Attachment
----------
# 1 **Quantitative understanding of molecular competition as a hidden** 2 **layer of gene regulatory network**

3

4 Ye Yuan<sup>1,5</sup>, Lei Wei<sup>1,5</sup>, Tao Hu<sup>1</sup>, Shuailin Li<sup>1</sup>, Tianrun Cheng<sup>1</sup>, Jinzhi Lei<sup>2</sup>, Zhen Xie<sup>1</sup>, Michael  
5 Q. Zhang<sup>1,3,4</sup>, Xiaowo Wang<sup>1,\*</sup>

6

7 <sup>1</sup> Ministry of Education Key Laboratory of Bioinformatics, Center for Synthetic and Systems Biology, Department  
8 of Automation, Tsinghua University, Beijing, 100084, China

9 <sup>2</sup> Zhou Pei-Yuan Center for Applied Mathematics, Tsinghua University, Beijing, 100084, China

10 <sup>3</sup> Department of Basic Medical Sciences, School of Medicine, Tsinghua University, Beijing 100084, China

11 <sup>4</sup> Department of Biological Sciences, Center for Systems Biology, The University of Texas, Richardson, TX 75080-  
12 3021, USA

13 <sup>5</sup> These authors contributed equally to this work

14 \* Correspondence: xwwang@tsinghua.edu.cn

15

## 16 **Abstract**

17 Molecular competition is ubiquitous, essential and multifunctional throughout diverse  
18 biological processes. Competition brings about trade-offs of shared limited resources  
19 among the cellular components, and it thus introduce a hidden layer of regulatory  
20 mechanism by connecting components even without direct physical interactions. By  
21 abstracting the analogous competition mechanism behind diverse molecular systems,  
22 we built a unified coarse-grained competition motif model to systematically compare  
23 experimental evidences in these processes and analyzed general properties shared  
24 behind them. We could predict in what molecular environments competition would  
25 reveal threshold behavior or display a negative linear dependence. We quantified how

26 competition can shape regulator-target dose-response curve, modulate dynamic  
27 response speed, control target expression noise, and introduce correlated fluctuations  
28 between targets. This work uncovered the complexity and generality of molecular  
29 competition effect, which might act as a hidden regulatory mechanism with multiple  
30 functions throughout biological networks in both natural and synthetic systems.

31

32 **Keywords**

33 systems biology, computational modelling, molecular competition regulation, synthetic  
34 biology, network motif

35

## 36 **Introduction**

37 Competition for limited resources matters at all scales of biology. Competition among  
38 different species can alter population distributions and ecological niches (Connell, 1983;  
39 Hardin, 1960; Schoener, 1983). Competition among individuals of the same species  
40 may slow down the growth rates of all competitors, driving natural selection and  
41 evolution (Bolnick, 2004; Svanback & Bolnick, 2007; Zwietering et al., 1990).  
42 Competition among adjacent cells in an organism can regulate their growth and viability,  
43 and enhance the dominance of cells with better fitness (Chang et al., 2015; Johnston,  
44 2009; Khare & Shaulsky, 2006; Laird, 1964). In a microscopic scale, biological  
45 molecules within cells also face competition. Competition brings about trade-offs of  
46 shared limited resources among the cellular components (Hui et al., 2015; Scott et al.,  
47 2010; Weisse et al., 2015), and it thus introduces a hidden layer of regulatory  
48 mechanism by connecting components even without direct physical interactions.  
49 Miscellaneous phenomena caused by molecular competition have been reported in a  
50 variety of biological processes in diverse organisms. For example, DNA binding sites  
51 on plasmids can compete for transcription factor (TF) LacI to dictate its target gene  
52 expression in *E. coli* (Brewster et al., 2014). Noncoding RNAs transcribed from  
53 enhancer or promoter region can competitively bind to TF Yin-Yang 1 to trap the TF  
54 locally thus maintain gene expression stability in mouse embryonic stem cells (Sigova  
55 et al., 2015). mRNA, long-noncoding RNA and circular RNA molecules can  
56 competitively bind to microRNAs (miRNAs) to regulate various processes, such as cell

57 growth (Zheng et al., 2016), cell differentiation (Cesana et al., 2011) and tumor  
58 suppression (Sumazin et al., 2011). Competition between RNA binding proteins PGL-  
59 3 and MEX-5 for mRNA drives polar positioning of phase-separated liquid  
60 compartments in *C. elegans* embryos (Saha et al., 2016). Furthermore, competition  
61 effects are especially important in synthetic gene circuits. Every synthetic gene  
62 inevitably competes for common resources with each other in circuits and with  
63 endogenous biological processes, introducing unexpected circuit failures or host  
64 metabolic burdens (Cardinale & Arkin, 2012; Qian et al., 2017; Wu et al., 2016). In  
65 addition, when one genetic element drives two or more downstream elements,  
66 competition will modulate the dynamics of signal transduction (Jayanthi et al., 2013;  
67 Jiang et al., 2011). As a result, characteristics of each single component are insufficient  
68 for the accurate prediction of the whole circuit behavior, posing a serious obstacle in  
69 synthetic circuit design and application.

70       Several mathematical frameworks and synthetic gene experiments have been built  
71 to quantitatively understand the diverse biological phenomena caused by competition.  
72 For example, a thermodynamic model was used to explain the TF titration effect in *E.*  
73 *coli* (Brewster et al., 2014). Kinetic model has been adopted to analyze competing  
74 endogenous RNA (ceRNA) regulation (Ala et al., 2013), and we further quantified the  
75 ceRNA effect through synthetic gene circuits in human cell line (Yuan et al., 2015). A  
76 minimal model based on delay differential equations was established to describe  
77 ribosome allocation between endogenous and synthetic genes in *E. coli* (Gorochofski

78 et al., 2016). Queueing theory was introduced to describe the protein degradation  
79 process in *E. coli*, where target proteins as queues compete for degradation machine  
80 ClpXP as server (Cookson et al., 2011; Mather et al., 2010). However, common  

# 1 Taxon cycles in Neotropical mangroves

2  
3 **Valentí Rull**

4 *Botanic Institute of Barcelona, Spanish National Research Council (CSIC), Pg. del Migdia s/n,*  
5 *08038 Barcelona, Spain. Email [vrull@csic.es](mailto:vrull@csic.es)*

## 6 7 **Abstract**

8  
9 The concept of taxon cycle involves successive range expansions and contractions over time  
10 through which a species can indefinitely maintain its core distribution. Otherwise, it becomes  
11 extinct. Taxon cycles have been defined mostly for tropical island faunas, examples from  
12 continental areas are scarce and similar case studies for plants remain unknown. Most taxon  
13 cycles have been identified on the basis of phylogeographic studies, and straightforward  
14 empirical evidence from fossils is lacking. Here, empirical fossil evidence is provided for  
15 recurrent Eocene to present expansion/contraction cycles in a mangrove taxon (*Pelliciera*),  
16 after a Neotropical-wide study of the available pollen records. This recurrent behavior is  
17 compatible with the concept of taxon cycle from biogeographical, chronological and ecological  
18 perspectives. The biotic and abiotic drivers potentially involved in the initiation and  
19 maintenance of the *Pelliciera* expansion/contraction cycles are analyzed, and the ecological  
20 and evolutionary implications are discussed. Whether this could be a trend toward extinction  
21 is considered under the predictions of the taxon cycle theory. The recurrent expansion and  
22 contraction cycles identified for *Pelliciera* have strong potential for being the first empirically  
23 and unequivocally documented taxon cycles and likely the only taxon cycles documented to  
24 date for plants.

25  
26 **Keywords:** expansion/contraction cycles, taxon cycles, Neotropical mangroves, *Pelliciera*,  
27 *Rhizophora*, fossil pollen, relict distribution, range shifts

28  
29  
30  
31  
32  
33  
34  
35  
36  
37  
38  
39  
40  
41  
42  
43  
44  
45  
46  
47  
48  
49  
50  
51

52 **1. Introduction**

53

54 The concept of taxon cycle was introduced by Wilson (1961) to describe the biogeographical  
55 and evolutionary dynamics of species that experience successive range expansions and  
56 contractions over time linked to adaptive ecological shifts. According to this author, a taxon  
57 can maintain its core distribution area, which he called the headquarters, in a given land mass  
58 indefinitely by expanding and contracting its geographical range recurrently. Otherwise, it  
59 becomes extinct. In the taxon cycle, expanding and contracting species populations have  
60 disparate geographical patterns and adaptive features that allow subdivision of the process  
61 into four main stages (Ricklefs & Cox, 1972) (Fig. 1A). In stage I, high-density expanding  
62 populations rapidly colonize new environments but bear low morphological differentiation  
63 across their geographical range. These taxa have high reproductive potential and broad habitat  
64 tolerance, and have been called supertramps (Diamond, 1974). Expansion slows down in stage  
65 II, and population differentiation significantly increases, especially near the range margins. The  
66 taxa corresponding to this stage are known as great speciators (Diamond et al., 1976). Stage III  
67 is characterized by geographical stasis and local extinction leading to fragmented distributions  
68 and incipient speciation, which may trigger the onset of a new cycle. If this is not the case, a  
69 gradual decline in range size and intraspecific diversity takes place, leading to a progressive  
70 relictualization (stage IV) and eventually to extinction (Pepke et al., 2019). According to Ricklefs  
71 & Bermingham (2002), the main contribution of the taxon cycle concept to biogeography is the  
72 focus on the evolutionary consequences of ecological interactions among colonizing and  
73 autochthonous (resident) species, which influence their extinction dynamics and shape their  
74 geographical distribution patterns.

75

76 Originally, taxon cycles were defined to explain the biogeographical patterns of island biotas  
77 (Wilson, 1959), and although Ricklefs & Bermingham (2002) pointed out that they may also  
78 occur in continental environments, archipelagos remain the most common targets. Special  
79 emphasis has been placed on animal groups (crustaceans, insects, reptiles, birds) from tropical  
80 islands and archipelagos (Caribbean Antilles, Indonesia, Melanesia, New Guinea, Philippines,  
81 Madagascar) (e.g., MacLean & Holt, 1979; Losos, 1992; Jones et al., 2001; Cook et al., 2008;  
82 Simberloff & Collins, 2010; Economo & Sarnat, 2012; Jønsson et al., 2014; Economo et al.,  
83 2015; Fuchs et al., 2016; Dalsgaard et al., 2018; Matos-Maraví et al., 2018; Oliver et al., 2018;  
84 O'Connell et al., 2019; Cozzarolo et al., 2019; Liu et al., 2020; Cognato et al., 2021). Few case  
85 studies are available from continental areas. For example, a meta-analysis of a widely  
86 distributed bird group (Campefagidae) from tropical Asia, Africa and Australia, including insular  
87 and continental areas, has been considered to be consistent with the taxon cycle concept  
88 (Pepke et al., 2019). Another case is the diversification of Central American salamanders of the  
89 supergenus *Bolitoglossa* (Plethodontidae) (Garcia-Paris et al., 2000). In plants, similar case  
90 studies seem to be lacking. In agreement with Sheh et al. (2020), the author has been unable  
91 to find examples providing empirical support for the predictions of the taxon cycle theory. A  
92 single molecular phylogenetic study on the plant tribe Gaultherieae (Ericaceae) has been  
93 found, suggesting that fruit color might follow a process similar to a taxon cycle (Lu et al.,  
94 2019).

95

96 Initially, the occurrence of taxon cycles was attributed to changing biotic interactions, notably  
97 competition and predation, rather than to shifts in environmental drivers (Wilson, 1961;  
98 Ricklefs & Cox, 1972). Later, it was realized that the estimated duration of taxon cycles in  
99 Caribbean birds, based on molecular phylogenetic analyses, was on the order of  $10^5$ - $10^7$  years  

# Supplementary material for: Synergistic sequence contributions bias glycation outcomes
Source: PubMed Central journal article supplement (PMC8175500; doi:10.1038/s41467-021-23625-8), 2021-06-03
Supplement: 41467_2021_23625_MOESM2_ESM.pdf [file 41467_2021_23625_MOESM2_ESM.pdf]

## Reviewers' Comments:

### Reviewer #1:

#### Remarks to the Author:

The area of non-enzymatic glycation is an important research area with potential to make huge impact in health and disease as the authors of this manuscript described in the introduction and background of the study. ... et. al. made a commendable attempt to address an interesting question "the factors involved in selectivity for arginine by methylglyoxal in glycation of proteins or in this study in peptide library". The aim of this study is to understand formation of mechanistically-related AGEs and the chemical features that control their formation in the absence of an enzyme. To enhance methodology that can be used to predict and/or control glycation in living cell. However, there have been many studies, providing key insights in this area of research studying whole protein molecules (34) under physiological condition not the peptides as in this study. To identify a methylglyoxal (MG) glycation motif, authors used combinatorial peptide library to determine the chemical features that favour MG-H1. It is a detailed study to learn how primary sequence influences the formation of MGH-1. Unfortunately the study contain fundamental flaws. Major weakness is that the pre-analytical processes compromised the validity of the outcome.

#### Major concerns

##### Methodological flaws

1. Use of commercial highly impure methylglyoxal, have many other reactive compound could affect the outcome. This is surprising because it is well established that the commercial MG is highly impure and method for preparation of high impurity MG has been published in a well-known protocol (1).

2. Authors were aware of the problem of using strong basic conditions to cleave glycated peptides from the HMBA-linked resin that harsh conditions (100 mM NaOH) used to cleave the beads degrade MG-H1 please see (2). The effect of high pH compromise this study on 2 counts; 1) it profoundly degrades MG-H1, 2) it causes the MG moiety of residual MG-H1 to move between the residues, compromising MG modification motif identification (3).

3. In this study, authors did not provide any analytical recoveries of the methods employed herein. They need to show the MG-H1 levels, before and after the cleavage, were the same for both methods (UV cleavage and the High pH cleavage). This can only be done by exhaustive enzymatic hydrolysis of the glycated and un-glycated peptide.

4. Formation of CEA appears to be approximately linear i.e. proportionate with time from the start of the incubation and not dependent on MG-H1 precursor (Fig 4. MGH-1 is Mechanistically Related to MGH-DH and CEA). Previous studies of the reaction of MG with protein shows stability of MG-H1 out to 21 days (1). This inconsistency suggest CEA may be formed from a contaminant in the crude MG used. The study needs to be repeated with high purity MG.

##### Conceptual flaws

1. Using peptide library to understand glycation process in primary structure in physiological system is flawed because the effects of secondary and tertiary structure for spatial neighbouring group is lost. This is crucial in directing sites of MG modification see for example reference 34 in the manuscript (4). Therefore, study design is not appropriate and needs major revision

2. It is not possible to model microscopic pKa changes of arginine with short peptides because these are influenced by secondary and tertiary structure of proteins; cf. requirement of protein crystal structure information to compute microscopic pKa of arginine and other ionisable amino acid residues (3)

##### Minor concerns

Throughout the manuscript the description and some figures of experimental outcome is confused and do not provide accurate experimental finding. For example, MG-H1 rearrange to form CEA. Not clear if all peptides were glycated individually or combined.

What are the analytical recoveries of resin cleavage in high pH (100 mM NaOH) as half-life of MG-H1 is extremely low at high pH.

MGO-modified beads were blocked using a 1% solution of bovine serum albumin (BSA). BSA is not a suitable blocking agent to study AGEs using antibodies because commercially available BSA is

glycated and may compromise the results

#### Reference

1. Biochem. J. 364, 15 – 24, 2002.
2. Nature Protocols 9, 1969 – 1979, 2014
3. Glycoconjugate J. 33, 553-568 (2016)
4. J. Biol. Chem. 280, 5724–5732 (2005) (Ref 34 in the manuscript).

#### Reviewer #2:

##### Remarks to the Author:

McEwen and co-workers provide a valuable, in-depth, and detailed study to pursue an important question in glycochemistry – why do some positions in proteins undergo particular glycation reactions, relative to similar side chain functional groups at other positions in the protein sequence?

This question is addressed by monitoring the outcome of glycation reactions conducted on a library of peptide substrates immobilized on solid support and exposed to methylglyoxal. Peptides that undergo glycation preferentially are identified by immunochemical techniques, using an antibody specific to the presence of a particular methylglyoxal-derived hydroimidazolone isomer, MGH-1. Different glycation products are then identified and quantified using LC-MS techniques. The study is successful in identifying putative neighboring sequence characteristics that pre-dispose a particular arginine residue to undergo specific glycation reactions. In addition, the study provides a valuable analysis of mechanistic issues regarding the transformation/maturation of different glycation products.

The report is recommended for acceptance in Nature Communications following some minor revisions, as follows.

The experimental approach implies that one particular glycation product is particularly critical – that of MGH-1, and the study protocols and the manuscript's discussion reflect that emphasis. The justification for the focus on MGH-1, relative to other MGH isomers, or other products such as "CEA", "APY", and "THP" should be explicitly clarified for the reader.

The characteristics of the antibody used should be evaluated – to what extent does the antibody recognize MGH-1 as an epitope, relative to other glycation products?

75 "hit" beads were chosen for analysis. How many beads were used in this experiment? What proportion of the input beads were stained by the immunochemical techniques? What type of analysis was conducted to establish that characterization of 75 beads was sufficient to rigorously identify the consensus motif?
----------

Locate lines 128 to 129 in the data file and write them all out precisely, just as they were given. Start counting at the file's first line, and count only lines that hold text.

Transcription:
50  
51